The Jewish Faith Essay

The Jewish Faith Essay

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From the time of Jesus Christ’s death until the late modern period, the hate and discrimination of Jews stemmed from their supposed role in Christ’s death, the nature of the “separateness” of the Jewish faith, and their unwillingness to convert to Christianity. These reasons are of a distinct religious nature, rooted in Jewish law and religious customs. The Jewish faith was an example of opposition to the surging popularity of the Catholic Church, and this very clearly placed the Jewish people on the outer perimeters of European society. Jews were thusly discriminated against in their respective lands, this being, however, on the basis of religion alone. Beginning in the modern period, many Jews did, in fact, give up a good deal of their “separateness”, including the traditional dress and their languages, and became quite homogenized into their respective societies. In accordance to the form of discrimination Jews faced before the late modern period, one thinks that once the acculturation commenced, oppression would cease to exist. This was not the case, however, as the end of the 18th and the beginning of 19th century in Europe brought with it a new movement: nationalism. The nationalist movements in Europe were fueled and highlighted by the interest in “classifying” and dividing persons among nations, the concept of classification stemming from the scientific revolution. The Jews found themselves yet again on the outer rim of society, although for a different reason, their native language and culture not attributed to any nation in Europe. The Jewish people, without a homeland or “true” identity, were considered aliens who had inherent characteristics, which in turn made them an undesirable people. Jews in Europe were now consi...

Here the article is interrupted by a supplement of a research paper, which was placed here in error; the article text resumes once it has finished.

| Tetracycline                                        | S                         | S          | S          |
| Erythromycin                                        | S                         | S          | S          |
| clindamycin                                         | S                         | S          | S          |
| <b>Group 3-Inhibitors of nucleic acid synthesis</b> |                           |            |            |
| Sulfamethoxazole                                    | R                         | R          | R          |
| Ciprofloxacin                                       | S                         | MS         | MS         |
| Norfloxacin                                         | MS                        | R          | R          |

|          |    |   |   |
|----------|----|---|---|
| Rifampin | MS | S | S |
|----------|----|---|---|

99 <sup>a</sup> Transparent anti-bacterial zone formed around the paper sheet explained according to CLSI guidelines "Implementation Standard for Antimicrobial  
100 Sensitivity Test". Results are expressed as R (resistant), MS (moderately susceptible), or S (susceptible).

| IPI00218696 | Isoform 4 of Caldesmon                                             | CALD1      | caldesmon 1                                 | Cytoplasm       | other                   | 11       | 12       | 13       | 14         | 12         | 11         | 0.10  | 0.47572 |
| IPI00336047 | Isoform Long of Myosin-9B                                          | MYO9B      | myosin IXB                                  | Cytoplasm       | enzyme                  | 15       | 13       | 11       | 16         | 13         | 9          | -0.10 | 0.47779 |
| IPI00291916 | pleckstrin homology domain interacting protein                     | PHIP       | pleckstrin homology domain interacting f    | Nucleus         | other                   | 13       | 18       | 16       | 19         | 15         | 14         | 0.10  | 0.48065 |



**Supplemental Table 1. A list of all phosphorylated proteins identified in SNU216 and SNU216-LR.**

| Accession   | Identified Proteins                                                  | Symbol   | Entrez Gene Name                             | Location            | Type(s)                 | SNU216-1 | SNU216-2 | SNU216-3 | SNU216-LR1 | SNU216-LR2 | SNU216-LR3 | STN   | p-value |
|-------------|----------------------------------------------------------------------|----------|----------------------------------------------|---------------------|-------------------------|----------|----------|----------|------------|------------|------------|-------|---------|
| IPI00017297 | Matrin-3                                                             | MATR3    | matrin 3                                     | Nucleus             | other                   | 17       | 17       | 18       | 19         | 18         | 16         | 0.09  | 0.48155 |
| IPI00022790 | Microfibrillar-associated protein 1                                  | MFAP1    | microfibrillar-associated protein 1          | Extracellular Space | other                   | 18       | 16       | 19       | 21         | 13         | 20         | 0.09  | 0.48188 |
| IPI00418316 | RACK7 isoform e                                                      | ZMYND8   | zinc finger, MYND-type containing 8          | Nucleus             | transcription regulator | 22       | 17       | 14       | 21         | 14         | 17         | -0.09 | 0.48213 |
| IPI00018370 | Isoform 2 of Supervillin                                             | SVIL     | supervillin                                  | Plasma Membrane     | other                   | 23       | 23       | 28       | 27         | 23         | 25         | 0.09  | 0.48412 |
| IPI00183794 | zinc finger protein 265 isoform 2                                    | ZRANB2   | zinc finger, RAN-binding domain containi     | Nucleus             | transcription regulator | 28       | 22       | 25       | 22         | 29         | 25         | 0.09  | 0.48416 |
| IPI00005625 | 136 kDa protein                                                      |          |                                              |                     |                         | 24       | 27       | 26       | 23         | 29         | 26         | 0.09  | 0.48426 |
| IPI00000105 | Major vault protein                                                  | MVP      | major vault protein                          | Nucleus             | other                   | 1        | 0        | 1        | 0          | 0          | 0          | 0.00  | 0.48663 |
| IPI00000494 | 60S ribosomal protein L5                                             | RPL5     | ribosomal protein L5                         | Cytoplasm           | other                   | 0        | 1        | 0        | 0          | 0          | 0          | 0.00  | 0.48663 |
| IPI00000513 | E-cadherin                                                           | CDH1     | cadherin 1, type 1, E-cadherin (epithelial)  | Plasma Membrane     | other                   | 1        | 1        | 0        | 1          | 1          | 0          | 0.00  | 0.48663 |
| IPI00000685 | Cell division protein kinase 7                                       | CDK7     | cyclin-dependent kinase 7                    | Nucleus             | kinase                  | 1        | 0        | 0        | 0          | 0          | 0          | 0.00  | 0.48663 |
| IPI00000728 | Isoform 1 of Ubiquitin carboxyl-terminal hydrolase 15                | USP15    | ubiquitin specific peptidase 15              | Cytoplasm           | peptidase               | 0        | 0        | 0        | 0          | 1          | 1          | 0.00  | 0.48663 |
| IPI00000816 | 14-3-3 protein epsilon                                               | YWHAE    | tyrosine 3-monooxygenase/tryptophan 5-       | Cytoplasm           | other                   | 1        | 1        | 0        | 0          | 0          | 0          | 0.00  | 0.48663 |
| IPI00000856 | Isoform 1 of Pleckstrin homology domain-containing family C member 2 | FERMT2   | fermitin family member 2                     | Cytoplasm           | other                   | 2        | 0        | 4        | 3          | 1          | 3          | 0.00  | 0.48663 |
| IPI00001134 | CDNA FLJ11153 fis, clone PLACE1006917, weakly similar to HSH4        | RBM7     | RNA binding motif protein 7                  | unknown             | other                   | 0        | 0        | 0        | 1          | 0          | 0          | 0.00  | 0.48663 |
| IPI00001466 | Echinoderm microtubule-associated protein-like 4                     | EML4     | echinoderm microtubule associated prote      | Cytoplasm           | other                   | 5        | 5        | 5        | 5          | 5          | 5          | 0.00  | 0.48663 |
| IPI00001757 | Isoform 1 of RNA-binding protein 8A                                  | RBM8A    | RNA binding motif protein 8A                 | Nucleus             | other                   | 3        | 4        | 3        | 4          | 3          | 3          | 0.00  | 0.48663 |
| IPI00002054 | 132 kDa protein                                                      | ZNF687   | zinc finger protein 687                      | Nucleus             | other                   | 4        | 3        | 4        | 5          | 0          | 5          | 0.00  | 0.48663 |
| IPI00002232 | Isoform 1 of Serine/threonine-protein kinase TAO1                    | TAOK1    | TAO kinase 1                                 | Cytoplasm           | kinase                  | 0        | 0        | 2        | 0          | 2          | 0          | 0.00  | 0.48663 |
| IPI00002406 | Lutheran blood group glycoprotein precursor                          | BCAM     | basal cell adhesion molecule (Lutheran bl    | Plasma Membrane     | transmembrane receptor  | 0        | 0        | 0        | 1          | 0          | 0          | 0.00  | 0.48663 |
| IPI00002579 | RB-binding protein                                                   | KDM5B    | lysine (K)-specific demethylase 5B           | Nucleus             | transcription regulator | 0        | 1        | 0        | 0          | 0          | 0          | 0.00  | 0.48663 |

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...ors in everything, but not in his desire to be a Jew and to remain one.” Thusly, Marr perfectly illustrates in his piece the aforementioned “new” antisemitism.
As illustrated by Marx and Marr in the 19th century writings, the “new” antisemitism that the European Jewry faced was distinct and quite distant when compared with antisemitic sentiments of the past. The movement toward nationalism in Europe in the late 18th and 19th centuries gave way to the “new” antisemitism, as the Jews found themselves on the outskirts of nationalistic societies brought together by common languages and culture. The “new” antisemitism had little, if anything to do with the Jewish faith, but with the very nature of the people that belonged to it. As Houston Stewart Chamberlain wrote in his piece Foundations of the 19th Century, Jews were seen as an “…alien people, everlastingly alien.”

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